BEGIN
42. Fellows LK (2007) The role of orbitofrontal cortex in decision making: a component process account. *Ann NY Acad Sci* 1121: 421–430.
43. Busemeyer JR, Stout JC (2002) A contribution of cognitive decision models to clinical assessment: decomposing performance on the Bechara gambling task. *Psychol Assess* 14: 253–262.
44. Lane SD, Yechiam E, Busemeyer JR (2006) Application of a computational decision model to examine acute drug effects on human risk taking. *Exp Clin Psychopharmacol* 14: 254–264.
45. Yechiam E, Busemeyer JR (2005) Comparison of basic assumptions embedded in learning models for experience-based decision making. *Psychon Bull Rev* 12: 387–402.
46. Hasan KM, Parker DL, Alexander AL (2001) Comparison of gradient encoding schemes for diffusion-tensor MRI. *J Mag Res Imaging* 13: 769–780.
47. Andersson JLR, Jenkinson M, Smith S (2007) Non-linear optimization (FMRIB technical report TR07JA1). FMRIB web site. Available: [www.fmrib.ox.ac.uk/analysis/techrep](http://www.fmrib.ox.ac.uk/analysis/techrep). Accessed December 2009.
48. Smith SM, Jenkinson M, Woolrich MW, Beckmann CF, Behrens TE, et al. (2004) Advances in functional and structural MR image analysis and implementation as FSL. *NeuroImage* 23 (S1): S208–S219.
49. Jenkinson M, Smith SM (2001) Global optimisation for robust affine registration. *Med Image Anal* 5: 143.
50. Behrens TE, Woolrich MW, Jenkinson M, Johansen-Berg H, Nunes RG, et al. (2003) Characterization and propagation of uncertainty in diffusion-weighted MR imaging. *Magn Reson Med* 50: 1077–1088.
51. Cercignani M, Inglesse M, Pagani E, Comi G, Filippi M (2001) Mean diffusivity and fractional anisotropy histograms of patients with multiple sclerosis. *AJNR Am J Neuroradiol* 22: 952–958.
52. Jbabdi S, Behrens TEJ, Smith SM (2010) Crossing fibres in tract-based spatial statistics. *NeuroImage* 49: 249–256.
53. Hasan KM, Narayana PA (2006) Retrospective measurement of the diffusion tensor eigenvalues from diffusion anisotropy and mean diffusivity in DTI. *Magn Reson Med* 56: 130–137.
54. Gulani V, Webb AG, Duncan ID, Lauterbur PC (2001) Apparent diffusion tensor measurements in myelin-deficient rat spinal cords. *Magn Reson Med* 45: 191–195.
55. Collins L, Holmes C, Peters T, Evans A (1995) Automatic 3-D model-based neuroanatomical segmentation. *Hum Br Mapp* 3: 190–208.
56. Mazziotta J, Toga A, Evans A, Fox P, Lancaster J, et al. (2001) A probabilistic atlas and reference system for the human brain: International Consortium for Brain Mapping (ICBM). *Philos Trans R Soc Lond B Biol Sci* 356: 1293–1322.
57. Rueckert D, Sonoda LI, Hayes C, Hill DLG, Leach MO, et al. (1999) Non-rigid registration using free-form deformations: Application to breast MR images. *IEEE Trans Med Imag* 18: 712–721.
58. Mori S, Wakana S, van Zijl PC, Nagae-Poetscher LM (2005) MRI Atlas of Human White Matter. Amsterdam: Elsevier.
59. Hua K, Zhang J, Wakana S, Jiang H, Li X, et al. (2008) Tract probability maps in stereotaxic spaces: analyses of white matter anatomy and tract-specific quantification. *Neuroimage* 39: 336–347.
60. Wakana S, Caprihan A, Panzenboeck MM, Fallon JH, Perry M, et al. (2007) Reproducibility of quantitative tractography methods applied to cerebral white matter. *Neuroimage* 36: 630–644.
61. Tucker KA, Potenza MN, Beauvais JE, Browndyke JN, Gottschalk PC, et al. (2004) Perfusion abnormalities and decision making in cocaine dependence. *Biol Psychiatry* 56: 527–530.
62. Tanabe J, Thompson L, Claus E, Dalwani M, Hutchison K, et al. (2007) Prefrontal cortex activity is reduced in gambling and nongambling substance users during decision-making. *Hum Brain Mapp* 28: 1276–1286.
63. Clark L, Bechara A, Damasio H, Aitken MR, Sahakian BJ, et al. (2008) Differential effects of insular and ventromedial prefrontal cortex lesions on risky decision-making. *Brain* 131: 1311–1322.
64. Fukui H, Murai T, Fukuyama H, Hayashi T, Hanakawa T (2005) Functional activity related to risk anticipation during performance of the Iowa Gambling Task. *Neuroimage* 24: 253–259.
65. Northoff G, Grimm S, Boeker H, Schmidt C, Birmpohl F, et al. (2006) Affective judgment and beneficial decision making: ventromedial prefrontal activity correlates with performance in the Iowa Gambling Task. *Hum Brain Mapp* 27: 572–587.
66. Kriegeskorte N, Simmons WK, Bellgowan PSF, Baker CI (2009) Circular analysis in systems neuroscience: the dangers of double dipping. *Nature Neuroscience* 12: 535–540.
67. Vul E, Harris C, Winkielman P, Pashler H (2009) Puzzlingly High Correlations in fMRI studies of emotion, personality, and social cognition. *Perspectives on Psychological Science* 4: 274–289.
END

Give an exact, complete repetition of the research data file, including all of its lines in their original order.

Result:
42. Fellows LK (2007) The role of orbitofrontal cortex in decision making: a component process account. *Ann NY Acad Sci* 1121: 421–430.
43. Busemeyer JR, Stout JC (2002) A contribution of cognitive decision models to clinical assessment: decomposing performance on the Bechara gambling task. *Psychol Assess* 14: 253–262.
44. Lane SD, Yechiam E, Busemeyer JR (2006) Application of a computational decision model to examine acute drug effects on human risk taking. *Exp Clin Psychopharmacol* 14: 254–264.
45. Yechiam E, Busemeyer JR (2005) Comparison of basic assumptions embedded in learning models for experience-based decision making. *Psychon Bull Rev* 12: 387–402.
46. Hasan KM, Parker DL, Alexander AL (2001) Comparison of gradient encoding schemes for diffusion-tensor MRI. *J Mag Res Imaging* 13: 769–780.
47. Andersson JLR, Jenkinson M, Smith S (2007) Non-linear optimization (FMRIB technical report TR07JA1). FMRIB web site. Available: [www.fmrib.ox.ac.uk/analysis/techrep](http://www.fmrib.ox.ac.uk/analysis/techrep). Accessed December 2009.
48. Smith SM, Jenkinson M, Woolrich MW, Beckmann CF, Behrens TE, et al. (2004) Advances in functional and structural MR image analysis and implementation as FSL. *NeuroImage* 23 (S1): S208–S219.
49. Jenkinson M, Smith SM (2001) Global optimisation for robust affine registration. *Med Image Anal* 5: 143.
50. Behrens TE, Woolrich MW, Jenkinson M, Johansen-Berg H, Nunes RG, et al. (2003) Characterization and propagation of uncertainty in diffusion-weighted MR imaging. *Magn Reson Med* 50: 1077–1088.
51. Cercignani M, Inglesse M, Pagani E, Comi G, Filippi M (2001) Mean diffusivity and fractional anisotropy histograms of patients with multiple sclerosis. *AJNR Am J Neuroradiol* 22: 952–958.
52. Jbabdi S, Behrens TEJ, Smith SM (2010) Crossing fibres in tract-based spatial statistics. *NeuroImage* 49: 249–256.
53. Hasan KM, Narayana PA (2006) Retrospective measurement of the diffusion tensor eigenvalues from diffusion anisotropy and mean diffusivity in DTI. *Magn Reson Med* 56: 130–137.
54. Gulani V, Webb AG, Duncan ID, Lauterbur PC (2001) Apparent diffusion tensor measurements in myelin-deficient rat spinal cords. *Magn Reson Med* 45: 191–195.
55. Collins L, Holmes C, Peters T, Evans A (1995) Automatic 3-D model-based neuroanatomical segmentation. *Hum Br Mapp* 3: 190–208.
56. Mazziotta J, Toga A, Evans A, Fox P, Lancaster J, et al. (2001) A probabilistic atlas and reference system for the human brain: International Consortium for Brain Mapping (ICBM). *Philos Trans R Soc Lond B Biol Sci* 356: 1293–1322.
57. Rueckert D, Sonoda LI, Hayes C, Hill DLG, Leach MO, et al. (1999) Non-rigid registration using free-form deformations: Application to breast MR images. *IEEE Trans Med Imag* 18: 712–721.
58. Mori S, Wakana S, van Zijl PC, Nagae-Poetscher LM (2005) MRI Atlas of Human White Matter. Amsterdam: Elsevier.
59. Hua K, Zhang J, Wakana S, Jiang H, Li X, et al. (2008) Tract probability maps in stereotaxic spaces: analyses of white matter anatomy and tract-specific quantification. *Neuroimage* 39: 336–347.
60. Wakana S, Caprihan A, Panzenboeck MM, Fallon JH, Perry M, et al. (2007) Reproducibility of quantitative tractography methods applied to cerebral white matter. *Neuroimage* 36: 630–644.
61. Tucker KA, Potenza MN, Beauvais JE, Browndyke JN, Gottschalk PC, et al. (2004) Perfusion abnormalities and decision making in cocaine dependence. *Biol Psychiatry* 56: 527–530.
62. Tanabe J, Thompson L, Claus E, Dalwani M, Hutchison K, et al. (2007) Prefrontal cortex activity is reduced in gambling and nongambling substance users during decision-making. *Hum Brain Mapp* 28: 1276–1286.
63. Clark L, Bechara A, Damasio H, Aitken MR, Sahakian BJ, et al. (2008) Differential effects of insular and ventromedial prefrontal cortex lesions on risky decision-making. *Brain* 131: 1311–1322.
64. Fukui H, Murai T, Fukuyama H, Hayashi T, Hanakawa T (2005) Functional activity related to risk anticipation during performance of the Iowa Gambling Task. *Neuroimage* 24: 253–259.
65. Northoff G, Grimm S, Boeker H, Schmidt C, Birmpohl F, et al. (2006) Affective judgment and beneficial decision making: ventromedial prefrontal activity correlates with performance in the Iowa Gambling Task. *Hum Brain Mapp* 27: 572–587.
66. Kriegeskorte N, Simmons WK, Bellgowan PSF, Baker CI (2009) Circular analysis in systems neuroscience: the dangers of double dipping. *Nature Neuroscience* 12: 535–540.
67. Vul E, Harris C, Winkielman P, Pashler H (2009) Puzzlingly High Correlations in fMRI studies of emotion, personality, and social cognition. *Perspectives on Psychological Science* 4: 274–289.